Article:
What is comic book culture? Is it superheroes who prevail against villains, made up characters who take you through a journey, foreign cartoons? The word culture represents the customs and behaviors of a social group. Therefore, does comic book culture exist? Comic books have developed greatly since their start and now include an array of genres that represent multiple different cultures. It is interesting how much American comic books grew and the direction they are moving in. If you look at the history of American comics, you will notice how the “comics culture” changes based on the behaviors of the time. For example, in Robert C. Harvey’s “How Comics Came to Be,” he points out how comics were used as political satire in the beginning of its time after politicians were “caught in civic corruption” in the beginning of the 1900s (Heer, 2009). Then after the wars started, “Born about a year prior to the United States’s entry into World War II, Captain America existed, uniquely, both in the world of fantasy that superheroes always occupy and in the political reality of the prewar United States” in the 1940s (Ongiri, 2017). Then, the focus changed to inclusivity with the Civil Rights Movement when “Black Panther” was created and added into the Fantastic Four in 1966 (Smith, 2018). The wave of Feminism and Women’s Rights influenced the comics with Captain Marvel in 1967 and Ms. Marvel in 1977. However, Ms. Marvel does not only include feminism, but also cultural diversity in 2013 with its fourth character Kamala Khan. From the past couple of decades, America has gone through a strong “culture change.” From the white males focusing on politics, to fighting the World War II, to integrating Black Americans, to Women’s Rights, the American culture has gone through a whirlwind. American culture does not hold the same meaning it did in the early 1900s. Now, when I think of American culture a single image does not come to mind. In this present day, “American culture” is a combination of multiple different cultures and backgrounds. The country of immigrants, America is the home to people of many cultures and communities which are yet to be fully represented. Marvel has adapted its comics over the years to include the American culture of the time and has done so in Ms. Marvel #1 and Ms. Marvel #13 as well to represent current American culture. Ms. Marvel is a young female Muslim Pakistani-American from the suburbs who tries to find her identity with her superpowers. Ms. Marvel is highly relatable to many South Asian and Middle Eastern American teens, which Marvel succeeds in including as a new fan base. Not only does Marvel include that fan base, but also other cultures such as Black American and Asian American culture are included. The image and dialogue in Ms. Marvel #1 and Ms. Marvel #13 enhance the inclusivity of different backgrounds and cultures to further expand Marvel’s fanbase.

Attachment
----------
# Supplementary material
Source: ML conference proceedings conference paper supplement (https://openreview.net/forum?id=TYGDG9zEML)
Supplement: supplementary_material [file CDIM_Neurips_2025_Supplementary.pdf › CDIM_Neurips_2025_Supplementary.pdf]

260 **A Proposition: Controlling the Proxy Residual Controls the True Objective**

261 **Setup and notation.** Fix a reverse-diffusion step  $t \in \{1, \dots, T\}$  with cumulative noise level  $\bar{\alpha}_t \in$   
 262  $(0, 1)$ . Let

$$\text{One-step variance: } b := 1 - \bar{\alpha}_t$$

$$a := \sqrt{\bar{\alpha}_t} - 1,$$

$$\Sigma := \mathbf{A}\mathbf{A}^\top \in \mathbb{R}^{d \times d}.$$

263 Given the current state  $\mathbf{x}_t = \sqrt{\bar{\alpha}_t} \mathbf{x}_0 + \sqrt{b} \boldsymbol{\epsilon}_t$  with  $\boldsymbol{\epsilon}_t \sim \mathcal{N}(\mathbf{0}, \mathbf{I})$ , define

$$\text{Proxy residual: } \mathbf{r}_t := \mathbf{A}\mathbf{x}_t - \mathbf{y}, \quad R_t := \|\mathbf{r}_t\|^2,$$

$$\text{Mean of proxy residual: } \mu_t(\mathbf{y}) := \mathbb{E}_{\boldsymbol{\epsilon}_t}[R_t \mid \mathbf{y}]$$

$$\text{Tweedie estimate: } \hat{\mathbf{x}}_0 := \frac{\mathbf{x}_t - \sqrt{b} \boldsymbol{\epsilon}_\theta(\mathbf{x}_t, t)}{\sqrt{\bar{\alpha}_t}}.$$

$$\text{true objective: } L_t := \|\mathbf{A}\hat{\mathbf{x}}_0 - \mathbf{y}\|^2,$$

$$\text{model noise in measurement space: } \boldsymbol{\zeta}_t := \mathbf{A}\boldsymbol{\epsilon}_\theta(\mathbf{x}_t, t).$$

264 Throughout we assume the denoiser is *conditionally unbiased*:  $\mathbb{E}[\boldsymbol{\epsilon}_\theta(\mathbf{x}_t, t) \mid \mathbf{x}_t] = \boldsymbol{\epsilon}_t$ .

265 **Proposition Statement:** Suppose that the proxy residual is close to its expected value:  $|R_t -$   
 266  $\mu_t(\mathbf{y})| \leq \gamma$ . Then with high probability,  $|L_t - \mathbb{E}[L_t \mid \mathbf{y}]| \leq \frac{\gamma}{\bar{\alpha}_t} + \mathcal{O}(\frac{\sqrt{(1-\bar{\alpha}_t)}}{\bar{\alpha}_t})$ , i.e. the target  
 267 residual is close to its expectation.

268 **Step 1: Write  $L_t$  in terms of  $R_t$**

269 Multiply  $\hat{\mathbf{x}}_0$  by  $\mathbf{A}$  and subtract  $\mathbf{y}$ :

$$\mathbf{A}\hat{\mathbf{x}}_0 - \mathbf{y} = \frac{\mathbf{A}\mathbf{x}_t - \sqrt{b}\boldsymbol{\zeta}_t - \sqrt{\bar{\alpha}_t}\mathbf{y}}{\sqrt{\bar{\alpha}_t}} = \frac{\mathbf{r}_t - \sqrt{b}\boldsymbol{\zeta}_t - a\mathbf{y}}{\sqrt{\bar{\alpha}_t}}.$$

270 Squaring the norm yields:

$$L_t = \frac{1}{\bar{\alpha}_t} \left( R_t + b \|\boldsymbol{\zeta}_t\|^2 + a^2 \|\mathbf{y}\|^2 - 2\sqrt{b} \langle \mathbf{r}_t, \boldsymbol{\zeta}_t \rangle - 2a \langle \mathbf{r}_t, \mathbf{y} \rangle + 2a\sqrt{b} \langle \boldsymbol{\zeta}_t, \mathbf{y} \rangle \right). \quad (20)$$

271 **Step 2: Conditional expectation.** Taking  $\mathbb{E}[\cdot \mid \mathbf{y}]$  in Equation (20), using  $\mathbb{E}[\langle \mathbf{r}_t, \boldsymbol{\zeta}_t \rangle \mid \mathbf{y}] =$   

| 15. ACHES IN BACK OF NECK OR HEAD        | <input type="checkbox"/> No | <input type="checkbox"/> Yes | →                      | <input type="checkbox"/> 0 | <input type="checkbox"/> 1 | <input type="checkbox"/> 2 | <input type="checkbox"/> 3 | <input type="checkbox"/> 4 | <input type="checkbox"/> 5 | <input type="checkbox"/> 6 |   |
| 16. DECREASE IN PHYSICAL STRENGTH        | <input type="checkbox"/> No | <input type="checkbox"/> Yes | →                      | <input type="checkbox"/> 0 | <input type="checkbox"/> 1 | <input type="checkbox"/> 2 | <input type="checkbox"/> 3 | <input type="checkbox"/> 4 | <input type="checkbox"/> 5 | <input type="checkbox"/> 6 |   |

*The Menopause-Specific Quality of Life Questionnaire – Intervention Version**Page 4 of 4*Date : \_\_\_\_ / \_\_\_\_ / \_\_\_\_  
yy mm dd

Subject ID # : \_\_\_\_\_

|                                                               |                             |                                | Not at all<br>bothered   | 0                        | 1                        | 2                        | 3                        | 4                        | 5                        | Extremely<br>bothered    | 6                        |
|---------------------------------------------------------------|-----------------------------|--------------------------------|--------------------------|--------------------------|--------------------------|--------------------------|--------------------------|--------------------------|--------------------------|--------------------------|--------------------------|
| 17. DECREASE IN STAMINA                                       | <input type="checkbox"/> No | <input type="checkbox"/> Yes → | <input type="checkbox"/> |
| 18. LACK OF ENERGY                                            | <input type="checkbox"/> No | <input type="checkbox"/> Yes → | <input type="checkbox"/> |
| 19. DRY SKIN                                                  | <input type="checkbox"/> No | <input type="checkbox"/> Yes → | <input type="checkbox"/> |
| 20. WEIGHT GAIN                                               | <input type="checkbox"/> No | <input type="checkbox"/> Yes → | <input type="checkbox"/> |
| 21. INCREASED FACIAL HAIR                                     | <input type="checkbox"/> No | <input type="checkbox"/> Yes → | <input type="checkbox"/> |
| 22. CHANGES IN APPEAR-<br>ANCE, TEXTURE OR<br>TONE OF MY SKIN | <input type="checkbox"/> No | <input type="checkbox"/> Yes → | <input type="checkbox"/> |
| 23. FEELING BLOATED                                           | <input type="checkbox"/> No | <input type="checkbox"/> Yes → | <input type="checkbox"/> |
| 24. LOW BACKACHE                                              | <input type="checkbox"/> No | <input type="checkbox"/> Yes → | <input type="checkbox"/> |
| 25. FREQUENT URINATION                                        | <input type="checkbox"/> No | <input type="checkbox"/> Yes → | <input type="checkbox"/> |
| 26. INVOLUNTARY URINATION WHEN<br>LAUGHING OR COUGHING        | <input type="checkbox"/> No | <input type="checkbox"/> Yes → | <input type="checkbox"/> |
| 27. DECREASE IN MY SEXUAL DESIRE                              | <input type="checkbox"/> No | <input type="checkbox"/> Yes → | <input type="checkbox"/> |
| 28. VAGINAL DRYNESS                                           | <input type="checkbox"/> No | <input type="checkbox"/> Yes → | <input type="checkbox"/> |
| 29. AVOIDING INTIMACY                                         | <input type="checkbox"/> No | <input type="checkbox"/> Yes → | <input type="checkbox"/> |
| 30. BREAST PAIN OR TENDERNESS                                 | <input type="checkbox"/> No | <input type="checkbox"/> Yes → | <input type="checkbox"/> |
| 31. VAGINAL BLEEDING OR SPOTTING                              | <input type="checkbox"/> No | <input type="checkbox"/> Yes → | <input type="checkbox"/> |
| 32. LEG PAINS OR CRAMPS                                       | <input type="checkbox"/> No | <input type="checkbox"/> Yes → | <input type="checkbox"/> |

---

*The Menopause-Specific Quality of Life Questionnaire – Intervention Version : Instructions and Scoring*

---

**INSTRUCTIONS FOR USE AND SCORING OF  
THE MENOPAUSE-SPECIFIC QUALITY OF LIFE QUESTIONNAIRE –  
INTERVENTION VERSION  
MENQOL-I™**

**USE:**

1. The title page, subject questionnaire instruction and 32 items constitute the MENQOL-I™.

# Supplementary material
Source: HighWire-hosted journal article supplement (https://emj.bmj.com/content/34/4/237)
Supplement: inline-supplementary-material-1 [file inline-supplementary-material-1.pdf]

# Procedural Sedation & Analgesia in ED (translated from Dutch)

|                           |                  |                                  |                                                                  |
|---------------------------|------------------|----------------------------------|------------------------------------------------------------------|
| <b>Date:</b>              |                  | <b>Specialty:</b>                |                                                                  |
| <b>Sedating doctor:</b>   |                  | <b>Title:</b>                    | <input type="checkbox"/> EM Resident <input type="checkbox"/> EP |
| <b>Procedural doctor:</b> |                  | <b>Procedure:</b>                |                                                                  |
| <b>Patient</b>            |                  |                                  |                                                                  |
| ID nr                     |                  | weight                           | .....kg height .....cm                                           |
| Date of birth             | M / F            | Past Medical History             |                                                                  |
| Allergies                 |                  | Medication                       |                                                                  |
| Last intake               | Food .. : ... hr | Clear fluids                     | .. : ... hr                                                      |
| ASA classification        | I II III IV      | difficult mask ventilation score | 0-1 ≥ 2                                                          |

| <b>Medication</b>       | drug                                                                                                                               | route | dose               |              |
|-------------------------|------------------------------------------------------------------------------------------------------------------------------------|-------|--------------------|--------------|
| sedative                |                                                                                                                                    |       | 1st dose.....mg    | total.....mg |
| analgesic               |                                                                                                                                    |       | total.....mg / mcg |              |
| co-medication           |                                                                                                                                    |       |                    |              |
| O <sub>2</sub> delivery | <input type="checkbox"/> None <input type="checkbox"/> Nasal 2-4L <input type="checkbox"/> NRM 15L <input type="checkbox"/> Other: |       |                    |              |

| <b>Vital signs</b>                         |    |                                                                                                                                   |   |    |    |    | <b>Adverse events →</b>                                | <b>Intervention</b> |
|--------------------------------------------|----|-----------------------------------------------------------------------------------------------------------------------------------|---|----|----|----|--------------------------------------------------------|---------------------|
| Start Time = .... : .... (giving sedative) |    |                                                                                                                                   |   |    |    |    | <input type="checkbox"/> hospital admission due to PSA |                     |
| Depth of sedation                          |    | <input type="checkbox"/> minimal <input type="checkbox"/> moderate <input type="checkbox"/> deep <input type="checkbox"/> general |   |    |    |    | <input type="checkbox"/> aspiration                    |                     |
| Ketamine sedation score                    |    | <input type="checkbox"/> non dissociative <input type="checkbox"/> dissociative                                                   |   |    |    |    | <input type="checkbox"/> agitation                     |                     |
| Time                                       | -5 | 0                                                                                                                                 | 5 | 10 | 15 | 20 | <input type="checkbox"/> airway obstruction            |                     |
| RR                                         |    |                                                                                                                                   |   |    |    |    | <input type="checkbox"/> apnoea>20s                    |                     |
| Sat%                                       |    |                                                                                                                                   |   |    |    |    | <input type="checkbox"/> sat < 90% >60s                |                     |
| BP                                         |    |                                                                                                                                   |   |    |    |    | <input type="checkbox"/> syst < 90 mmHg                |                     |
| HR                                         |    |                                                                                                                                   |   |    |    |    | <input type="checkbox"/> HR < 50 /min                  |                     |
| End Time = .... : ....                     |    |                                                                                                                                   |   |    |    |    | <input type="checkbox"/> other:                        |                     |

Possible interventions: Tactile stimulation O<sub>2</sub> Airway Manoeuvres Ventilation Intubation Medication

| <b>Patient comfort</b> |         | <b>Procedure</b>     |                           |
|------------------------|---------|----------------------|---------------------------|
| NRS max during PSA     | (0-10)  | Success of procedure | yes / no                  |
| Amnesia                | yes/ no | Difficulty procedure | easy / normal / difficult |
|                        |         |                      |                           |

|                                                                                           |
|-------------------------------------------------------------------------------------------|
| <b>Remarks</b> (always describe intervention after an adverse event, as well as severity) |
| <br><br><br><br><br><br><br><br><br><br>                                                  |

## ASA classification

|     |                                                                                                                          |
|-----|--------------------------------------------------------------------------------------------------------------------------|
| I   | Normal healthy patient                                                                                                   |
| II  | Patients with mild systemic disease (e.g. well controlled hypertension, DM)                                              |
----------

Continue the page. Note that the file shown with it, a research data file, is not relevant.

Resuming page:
The dialogue in Ms. Marvel #1 shows the reality of what it’s like to be an American with South Asian and Middle Eastern immigrant parents and provides a relatable plot. Ms. Marvel opens up with Kamala Khan smelling a BLT since her Islamic religion does not allow her to consume bacon. The cashier, Bruno, says to her “Either eat the bacon or stick to your principles.” with the word “principles” bolded (Wilson, 2014). This statement said to her by her white counterpart is often said to many muslims in America and emphasizes a struggle that Muslim Americans have to overcome. Living in Muslim dominant countries make it easier to avoid eating pork since you almost never come into contact with it, however living in America you are exposed to many different foods including pork. The word “principles” is bolded to emphasize that avoiding pork is part of her values and eating it would be very detrimental to her life and personal beliefs. Kamala has to overcome her internal struggle of avoiding eating pork when coming into contact with it which many Muslim Americans also experience which is why this line is very relatable. A piece of dialogue that acknowledges another struggle of Americans with different backgrounds is when Kamala says “Sorry. Nakia. Proud Turkish Nakia doesn’t need “Amreeki” nickname. I get it.” when she says “I told you not to call me Kiki anymore” (Wilson, 2014). This happens very often to teens who have “different” names which are “hard to pronounce.” Their names often get “whitewashed” which subtly and sometimes subconsciously pushes kids to abandon their culture and to culturally assimilate. This dialogue emphasizes the struggle teens have with their “different” names and how some people deal with it. In this case, Nakia stands her ground and refuses to change her name to avoid altering to the norm. However, so many teens change their names or their white peers change their names which takes their identity away from them. This is another struggle that many ethnic Americans have to deal with that Ms. Marvel addresses on page 2. On page 9, Kamala was sent to her room for arguing about going to a party and says “Everybody else gets to be normal.” This is a sentence that many South Asian and Middle Eastern Americans think to themselves. They naturally compare themselves to their white friends at school and feel like an outcast when they can’t attend parties with boys, eat different foods at lunch, celebrate different holidays, and are treated differently from their male siblings. America is much more modern than other countries so when their immigrant parents are not as liberal other parents, many teens in America feel like Kamala. Another quote from Kamala that is relatable is “I grew up here! I’m from Jersey City, not Karachi!” on page 18. Even though ethnic Americans were born and brought up in America, they are treated as foreigners. Even though they are American at heart, they are still not quite like everyone else which is a barrier that many ethnic Americans have. They do not identify with White Americans or with people from the country they originate from. This is why it is hard to find a hero to look up to when teens are growing up. However, Marvel has moved one step closer to fixing this barrier for ethnic Americans with Ms. Marvel. The dialogue in Ms. Marvel #1 is so relatable that expands Marvel’s audience to include people of different backgrounds that can’t relate to other comics such as Captain America and Captain Marvel.